College is absurdly expensive. While some of the mark up comes from the schools’ reputations, much of the price tag is in exchange for the experience. Access to professors, relationships with classmates, and academic, athletic, artistic, religious, and social activities and groups are all a major part of both the “college experience” and the education itself. These aspects, and their associated benefits, are lost when classes are moved to Zoom, or worse, prerecorded lectures. Further, college campuses provide resources for students which are lacking at home, including quiet study locations and access to comprehensive libraries.
While many schools acknowledged the need to refund students for the portion of their on-campus dorms and meal plans unused, many believe that tuition should be likewise discounted, for the commensurate drop in quality and failure to deliver the promised experience.
And since schools themselves aren’t offering the financial credit, students at various universities, including Columbia, Cornell, Drexel, Georgetown, Liberty, UC Berkeley, Michigan State, Vanderbilt, and others, are banding together in class action lawsuits. The students are suing on three counts: breach of contract, conversion, and unjust enrichment.
The breach of contract suit contests that, by closing on-campus activities, the schools have not delivered the contracted service, and thereby are not entitled to the full tuition payment.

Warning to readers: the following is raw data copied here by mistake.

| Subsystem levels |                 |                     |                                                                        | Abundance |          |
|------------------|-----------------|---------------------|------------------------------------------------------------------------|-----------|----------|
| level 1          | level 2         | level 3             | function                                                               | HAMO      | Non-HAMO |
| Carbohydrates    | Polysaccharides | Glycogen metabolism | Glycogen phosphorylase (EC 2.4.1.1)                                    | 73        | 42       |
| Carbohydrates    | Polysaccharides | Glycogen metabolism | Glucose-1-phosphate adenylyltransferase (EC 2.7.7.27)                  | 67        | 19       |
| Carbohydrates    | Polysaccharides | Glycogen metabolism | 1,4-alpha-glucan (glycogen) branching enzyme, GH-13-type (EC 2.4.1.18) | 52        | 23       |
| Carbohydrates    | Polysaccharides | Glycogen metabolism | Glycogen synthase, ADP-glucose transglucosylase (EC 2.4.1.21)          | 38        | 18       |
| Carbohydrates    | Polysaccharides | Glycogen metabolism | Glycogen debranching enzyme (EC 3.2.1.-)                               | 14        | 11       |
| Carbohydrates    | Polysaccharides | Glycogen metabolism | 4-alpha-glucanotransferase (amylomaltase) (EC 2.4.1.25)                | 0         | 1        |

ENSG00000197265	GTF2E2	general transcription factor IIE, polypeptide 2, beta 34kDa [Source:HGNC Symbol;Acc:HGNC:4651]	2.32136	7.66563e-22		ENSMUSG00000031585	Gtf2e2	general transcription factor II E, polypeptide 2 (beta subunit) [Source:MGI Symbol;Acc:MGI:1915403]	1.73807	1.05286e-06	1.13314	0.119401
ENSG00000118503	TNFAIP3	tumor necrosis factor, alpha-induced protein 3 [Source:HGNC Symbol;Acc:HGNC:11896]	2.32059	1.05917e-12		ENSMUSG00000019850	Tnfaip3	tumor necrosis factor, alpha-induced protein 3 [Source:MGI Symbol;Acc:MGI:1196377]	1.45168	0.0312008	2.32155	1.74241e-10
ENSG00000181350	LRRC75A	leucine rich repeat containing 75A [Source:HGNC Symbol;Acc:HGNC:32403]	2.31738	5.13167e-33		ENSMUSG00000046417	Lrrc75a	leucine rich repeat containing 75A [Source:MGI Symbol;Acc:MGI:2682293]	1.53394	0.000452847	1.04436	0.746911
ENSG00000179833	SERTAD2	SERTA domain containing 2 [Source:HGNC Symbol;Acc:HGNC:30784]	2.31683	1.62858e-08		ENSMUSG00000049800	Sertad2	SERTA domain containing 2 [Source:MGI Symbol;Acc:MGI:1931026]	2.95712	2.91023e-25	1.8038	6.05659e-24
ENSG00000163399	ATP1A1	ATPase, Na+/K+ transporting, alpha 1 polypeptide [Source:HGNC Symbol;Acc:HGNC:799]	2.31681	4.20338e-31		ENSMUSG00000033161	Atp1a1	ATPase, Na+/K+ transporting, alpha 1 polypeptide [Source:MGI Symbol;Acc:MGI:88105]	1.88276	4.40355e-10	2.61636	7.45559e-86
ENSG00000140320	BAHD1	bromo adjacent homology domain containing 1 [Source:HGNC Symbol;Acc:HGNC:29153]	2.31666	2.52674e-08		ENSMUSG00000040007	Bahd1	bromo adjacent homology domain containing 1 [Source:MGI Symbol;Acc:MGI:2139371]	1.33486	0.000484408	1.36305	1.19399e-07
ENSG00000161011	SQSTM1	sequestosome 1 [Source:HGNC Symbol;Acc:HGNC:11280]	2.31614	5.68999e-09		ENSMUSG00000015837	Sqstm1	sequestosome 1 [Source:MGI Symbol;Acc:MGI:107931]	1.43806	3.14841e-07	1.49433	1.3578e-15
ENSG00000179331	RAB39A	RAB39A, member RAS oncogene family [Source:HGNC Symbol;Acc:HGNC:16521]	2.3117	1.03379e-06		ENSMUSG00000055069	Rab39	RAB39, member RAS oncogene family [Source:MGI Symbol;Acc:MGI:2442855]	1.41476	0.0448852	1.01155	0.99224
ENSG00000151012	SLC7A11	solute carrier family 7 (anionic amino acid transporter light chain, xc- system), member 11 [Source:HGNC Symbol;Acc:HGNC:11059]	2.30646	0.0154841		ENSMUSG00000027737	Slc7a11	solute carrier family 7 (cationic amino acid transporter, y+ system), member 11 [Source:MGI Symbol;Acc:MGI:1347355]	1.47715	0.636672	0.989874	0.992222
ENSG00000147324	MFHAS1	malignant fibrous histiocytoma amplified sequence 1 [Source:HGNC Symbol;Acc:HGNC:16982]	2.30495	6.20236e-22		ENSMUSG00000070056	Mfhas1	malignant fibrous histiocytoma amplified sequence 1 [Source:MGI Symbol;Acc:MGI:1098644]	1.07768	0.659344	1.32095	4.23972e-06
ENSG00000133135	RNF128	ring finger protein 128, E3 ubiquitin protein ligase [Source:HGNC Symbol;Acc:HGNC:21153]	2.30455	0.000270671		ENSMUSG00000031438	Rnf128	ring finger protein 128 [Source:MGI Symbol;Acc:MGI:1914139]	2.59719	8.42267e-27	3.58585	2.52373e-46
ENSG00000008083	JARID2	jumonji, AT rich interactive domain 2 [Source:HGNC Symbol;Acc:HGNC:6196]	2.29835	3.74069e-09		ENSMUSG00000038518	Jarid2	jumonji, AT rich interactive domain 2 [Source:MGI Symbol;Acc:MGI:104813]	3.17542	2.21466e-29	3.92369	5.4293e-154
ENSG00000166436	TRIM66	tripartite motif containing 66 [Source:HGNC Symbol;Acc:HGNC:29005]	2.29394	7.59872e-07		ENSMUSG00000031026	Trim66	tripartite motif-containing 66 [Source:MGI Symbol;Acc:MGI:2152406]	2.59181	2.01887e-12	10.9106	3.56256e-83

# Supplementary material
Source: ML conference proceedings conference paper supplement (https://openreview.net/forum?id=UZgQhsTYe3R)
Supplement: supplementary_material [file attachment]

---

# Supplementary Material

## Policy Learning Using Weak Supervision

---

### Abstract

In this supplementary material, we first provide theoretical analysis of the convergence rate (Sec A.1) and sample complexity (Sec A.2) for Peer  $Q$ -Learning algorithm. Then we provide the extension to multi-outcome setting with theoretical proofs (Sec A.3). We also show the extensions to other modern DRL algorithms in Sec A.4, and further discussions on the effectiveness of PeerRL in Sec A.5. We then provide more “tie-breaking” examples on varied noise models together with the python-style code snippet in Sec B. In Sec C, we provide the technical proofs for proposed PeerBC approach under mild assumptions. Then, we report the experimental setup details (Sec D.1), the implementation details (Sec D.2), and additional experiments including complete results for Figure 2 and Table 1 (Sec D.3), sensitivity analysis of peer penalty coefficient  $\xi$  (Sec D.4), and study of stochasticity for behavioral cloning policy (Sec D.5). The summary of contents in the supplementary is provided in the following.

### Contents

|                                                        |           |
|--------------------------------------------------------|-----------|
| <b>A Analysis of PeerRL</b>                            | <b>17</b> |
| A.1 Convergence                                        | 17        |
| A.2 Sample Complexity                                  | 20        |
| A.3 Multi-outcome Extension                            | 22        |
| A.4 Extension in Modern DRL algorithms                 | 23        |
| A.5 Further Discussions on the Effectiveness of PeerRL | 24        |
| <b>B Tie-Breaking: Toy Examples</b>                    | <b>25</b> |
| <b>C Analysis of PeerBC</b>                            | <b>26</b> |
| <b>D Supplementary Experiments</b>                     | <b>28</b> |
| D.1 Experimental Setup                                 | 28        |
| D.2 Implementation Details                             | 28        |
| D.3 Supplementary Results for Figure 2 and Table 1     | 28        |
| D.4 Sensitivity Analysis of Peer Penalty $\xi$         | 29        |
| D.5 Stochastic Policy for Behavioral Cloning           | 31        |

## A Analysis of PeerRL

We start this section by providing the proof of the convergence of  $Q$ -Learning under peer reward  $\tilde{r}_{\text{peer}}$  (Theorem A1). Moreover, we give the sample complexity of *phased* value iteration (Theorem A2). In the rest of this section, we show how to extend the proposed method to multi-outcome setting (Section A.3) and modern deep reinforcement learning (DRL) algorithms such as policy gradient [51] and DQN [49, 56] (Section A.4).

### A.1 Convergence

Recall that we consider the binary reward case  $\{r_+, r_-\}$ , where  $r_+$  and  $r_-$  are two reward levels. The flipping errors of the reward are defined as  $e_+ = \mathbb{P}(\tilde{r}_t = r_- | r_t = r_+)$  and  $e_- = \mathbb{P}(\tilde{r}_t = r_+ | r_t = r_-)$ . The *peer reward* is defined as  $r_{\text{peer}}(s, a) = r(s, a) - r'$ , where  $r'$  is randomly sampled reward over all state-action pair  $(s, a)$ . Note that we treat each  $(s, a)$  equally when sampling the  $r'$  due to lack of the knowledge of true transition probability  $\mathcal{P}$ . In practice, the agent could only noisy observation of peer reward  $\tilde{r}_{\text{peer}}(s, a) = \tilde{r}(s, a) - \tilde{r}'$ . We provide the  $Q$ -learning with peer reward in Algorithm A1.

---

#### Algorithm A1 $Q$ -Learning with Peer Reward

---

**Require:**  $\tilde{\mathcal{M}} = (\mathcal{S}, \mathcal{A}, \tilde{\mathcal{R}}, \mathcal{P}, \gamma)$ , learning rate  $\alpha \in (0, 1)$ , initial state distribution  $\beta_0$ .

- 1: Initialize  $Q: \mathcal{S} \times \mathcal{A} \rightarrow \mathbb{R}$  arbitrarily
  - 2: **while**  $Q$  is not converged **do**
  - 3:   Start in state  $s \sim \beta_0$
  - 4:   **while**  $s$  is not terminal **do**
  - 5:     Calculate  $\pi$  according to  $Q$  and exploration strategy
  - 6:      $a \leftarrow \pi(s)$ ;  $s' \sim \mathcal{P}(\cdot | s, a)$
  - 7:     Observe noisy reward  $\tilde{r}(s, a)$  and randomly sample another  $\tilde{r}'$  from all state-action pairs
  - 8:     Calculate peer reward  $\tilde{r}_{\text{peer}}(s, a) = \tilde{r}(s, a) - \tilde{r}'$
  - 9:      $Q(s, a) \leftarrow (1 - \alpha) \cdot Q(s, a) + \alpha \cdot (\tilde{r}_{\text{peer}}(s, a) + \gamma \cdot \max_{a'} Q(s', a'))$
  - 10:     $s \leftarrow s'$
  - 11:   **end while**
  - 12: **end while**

Conversion is an intentional tort in which one party uses another’s property, money, or service and uses it as if it belongs to them. Unlike breach of contract or unjust enrichment, conversion is always done knowingly and with intent. In the case of the current suit, that which has been impeded is the right to use campus facilities and receive an in-person education.
Unjust enrichment is typically awarded when no contract exists between parties, or when the contract is invalid, but an agreement was in place and broken. The burden of proof is on the plaintiff, who must show that one party (in this case the university) has received a benefit (tuition money) without fulfilling their requisite agreement (a full campus experience).
The basis of these claims is that the schools have kept the students money in bad faith, as they did not provide the contracted for resources and experience. Therefore, the suit contests that the students are due some of their tuition back.
When students sign over their high tuition payments each semester, they are paying their contractually obligated amount in exchange for full campus access, classes, and activities. As the schools were forced to close due to health concerns, they were unable to provide the services for which the students paid.
The colleges’ only real defense against these suits is if the enrollment contracts contain a force majeure clause, allowing for breach should an unforeseeable act of God prevent the school from fulfilling their end of the bargain. The American Bar recognizes the pandemic as a legitimate force majeure, which could spell death for the lawsuits.
Universities ought to have proactively provided students with a partial tuition refund, rather than wait to be sued for it. The online experience is not commensurate with the education promised and contracted for by students, and the costs should reflect this reality.
College is so much more than just the lectures, assignments, and exams, and the schools are aware of this. Admissions departments sell students on the clubs they’ll join, the relationships they’ll develop with their teachers and classmates, the academic resources, the networking, and the plurality of personal and academic growth that occurs both in and out of the classroom. The schools should acknowledge these changes, and discount the semester accordingly.